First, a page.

Nebraska Academy of Sciences


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1980. Transactions of the Nebraska Academy of Sciences, VIII: 1-8. Copyright © 1980 Alemdar, McIntyre, Chang and Miller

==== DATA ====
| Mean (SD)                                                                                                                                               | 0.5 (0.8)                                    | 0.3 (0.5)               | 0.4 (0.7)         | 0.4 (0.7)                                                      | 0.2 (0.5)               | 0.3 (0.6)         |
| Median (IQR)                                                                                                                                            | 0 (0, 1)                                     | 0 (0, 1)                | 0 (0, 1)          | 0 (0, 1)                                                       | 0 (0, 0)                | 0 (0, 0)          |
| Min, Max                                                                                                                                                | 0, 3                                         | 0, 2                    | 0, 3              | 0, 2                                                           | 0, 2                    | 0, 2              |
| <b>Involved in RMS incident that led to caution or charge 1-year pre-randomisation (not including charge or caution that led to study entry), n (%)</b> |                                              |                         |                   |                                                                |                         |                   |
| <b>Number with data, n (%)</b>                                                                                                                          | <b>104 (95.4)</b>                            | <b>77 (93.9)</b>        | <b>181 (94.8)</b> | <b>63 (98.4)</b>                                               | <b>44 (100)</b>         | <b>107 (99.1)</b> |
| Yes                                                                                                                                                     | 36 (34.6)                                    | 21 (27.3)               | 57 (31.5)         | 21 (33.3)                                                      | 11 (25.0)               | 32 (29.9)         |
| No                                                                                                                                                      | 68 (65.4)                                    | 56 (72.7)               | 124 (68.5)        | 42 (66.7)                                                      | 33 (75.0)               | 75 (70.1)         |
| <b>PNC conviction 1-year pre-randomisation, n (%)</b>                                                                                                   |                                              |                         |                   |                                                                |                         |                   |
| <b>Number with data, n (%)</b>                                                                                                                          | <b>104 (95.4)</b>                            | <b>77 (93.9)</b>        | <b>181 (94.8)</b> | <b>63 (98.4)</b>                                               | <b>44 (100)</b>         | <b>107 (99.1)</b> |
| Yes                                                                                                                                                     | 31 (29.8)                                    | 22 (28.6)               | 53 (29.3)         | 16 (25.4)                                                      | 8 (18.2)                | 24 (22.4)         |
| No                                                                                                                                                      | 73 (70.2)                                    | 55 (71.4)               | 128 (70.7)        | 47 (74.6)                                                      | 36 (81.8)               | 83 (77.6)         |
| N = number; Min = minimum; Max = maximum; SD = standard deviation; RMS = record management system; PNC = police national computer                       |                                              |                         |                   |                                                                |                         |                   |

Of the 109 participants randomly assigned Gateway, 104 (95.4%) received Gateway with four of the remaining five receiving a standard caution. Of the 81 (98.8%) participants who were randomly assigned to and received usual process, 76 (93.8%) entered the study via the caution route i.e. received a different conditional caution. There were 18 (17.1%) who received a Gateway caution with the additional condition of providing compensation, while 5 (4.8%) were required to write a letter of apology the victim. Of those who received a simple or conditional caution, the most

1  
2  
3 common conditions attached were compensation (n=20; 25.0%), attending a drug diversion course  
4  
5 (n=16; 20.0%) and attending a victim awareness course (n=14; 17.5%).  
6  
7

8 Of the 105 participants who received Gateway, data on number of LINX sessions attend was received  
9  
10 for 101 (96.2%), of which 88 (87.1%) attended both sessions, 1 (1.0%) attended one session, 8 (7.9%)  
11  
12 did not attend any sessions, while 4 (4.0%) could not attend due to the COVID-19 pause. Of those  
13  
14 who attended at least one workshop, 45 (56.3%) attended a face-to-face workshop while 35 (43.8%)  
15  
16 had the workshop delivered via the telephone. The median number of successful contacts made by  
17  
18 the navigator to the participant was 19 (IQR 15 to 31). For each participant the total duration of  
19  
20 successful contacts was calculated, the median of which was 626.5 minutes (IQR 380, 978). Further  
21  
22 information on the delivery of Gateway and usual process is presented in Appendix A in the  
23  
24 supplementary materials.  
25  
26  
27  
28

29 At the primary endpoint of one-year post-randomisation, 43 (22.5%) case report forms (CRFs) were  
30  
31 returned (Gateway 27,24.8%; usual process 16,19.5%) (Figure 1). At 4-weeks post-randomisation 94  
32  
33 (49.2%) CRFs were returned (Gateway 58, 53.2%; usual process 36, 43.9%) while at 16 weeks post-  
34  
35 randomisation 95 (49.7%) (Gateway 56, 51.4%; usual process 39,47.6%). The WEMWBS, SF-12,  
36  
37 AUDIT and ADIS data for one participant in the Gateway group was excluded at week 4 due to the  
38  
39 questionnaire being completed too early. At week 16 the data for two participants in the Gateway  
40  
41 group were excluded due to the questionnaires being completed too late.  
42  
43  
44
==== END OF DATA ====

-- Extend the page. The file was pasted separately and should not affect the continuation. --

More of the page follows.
Certain Drosophila species that cannot mate in darkness have also been shown to be unable to mate in the light if their wings have been removed, perhaps due to the fact that wings provide visual signs and signals for courtship. To determine the influence of winglessness on mating in light-dependent Drosophila algonquin and its relatives, we determined mating frequencies in combinations of winged and wingless individuals of the six widespread American Drosophila affinis subgroup species D. affinis, D. algonquin, D. athabasca, D. azteca, D. narragansett, and D. tolteca. In no case did winglessness of either females or males prevent mating altogether, though there were varying reductions of mating frequency with winglessness. Wingless males of D. algonquin mated with winged females as well as winged males, while wingless females of this species mated with winged males significantly less often than did winged females. It does not appear that the male courtship wing display of D. algonquin provides an essential visual stimulus for mating. On the other hand, it seems likely that the female's appearance, including presence of wings, is important for the male's orientation just before copulation. Our data also suggest that winglessness influences mating by impairing auditory signals and, perhaps, by reducing mobility and coordination.

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